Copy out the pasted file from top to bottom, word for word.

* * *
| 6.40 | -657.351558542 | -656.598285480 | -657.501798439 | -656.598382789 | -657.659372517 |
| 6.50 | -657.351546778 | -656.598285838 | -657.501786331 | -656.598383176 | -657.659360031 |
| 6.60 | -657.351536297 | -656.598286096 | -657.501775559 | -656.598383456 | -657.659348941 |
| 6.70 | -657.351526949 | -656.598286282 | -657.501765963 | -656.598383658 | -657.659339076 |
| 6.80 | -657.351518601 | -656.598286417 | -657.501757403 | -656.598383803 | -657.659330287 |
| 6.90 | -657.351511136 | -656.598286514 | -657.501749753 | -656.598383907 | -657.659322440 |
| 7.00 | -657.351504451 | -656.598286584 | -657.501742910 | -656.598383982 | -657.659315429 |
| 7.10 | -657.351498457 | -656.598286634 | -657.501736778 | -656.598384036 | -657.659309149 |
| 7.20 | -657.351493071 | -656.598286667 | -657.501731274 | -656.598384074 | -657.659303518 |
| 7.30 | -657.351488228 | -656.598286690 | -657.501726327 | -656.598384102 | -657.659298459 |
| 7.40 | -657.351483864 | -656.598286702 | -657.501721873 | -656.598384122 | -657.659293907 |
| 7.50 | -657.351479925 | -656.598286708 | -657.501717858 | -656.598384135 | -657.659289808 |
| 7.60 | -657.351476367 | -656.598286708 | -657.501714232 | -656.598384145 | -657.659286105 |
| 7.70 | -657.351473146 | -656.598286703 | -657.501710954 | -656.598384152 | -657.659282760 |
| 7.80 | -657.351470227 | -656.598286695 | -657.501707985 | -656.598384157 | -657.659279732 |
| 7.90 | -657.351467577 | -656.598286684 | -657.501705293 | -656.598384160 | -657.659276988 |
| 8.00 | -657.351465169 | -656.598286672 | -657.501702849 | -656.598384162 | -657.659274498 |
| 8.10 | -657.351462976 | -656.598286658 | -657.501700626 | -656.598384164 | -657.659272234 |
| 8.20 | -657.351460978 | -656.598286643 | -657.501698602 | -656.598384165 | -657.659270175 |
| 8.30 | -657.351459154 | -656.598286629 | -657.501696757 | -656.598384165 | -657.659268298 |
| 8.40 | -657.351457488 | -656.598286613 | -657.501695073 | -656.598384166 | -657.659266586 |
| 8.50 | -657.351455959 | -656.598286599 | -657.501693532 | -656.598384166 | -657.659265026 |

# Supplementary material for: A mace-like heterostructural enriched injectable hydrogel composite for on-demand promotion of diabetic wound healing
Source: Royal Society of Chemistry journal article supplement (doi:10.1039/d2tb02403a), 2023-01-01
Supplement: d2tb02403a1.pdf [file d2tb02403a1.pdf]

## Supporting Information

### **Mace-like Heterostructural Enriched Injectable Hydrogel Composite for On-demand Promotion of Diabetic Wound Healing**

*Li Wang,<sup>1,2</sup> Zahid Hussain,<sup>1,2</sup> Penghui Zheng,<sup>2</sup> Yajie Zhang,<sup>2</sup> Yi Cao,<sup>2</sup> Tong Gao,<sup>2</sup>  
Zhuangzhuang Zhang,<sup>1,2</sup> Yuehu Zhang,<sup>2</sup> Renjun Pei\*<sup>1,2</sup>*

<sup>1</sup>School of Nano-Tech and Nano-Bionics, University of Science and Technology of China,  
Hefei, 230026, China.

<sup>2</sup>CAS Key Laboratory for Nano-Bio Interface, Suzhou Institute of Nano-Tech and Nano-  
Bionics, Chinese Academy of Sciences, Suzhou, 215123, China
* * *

| 6.40 | -657.351558542 | -656.598285480 | -657.501798439 | -656.598382789 | -657.659372517 |
| 6.50 | -657.351546778 | -656.598285838 | -657.501786331 | -656.598383176 | -657.659360031 |
| 6.60 | -657.351536297 | -656.598286096 | -657.501775559 | -656.598383456 | -657.659348941 |
| 6.70 | -657.351526949 | -656.598286282 | -657.501765963 | -656.598383658 | -657.659339076 |
| 6.80 | -657.351518601 | -656.598286417 | -657.501757403 | -656.598383803 | -657.659330287 |
| 6.90 | -657.351511136 | -656.598286514 | -657.501749753 | -656.598383907 | -657.659322440 |
| 7.00 | -657.351504451 | -656.598286584 | -657.501742910 | -656.598383982 | -657.659315429 |
| 7.10 | -657.351498457 | -656.598286634 | -657.501736778 | -656.598384036 | -657.659309149 |
| 7.20 | -657.351493071 | -656.598286667 | -657.501731274 | -656.598384074 | -657.659303518 |
| 7.30 | -657.351488228 | -656.598286690 | -657.501726327 | -656.598384102 | -657.659298459 |
| 7.40 | -657.351483864 | -656.598286702 | -657.501721873 | -656.598384122 | -657.659293907 |
| 7.50 | -657.351479925 | -656.598286708 | -657.501717858 | -656.598384135 | -657.659289808 |
| 7.60 | -657.351476367 | -656.598286708 | -657.501714232 | -656.598384145 | -657.659286105 |
| 7.70 | -657.351473146 | -656.598286703 | -657.501710954 | -656.598384152 | -657.659282760 |
| 7.80 | -657.351470227 | -656.598286695 | -657.501707985 | -656.598384157 | -657.659279732 |
| 7.90 | -657.351467577 | -656.598286684 | -657.501705293 | -656.598384160 | -657.659276988 |
| 8.00 | -657.351465169 | -656.598286672 | -657.501702849 | -656.598384162 | -657.659274498 |
| 8.10 | -657.351462976 | -656.598286658 | -657.501700626 | -656.598384164 | -657.659272234 |
| 8.20 | -657.351460978 | -656.598286643 | -657.501698602 | -656.598384165 | -657.659270175 |
| 8.30 | -657.351459154 | -656.598286629 | -657.501696757 | -656.598384165 | -657.659268298 |
| 8.40 | -657.351457488 | -656.598286613 | -657.501695073 | -656.598384166 | -657.659266586 |
| 8.50 | -657.351455959 | -656.598286599 | -657.501693532 | -656.598384166 | -657.659265026 |

# Supplementary material for: A mace-like heterostructural enriched injectable hydrogel composite for on-demand promotion of diabetic wound healing
Source: Royal Society of Chemistry journal article supplement (doi:10.1039/d2tb02403a), 2023-01-01
Supplement: d2tb02403a1.pdf [file d2tb02403a1.pdf]

## Supporting Information

### **Mace-like Heterostructural Enriched Injectable Hydrogel Composite for On-demand Promotion of Diabetic Wound Healing**

*Li Wang,<sup>1,2</sup> Zahid Hussain,<sup>1,2</sup> Penghui Zheng,<sup>2</sup> Yajie Zhang,<sup>2</sup> Yi Cao,<sup>2</sup> Tong Gao,<sup>2</sup>  
Zhuangzhuang Zhang,<sup>1,2</sup> Yuehu Zhang,<sup>2</sup> Renjun Pei\*<sup>1,2</sup>*

<sup>1</sup>School of Nano-Tech and Nano-Bionics, University of Science and Technology of China,  
Hefei, 230026, China.

<sup>2</sup>CAS Key Laboratory for Nano-Bio Interface, Suzhou Institute of Nano-Tech and Nano-  
Bionics, Chinese Academy of Sciences, Suzhou, 215123, China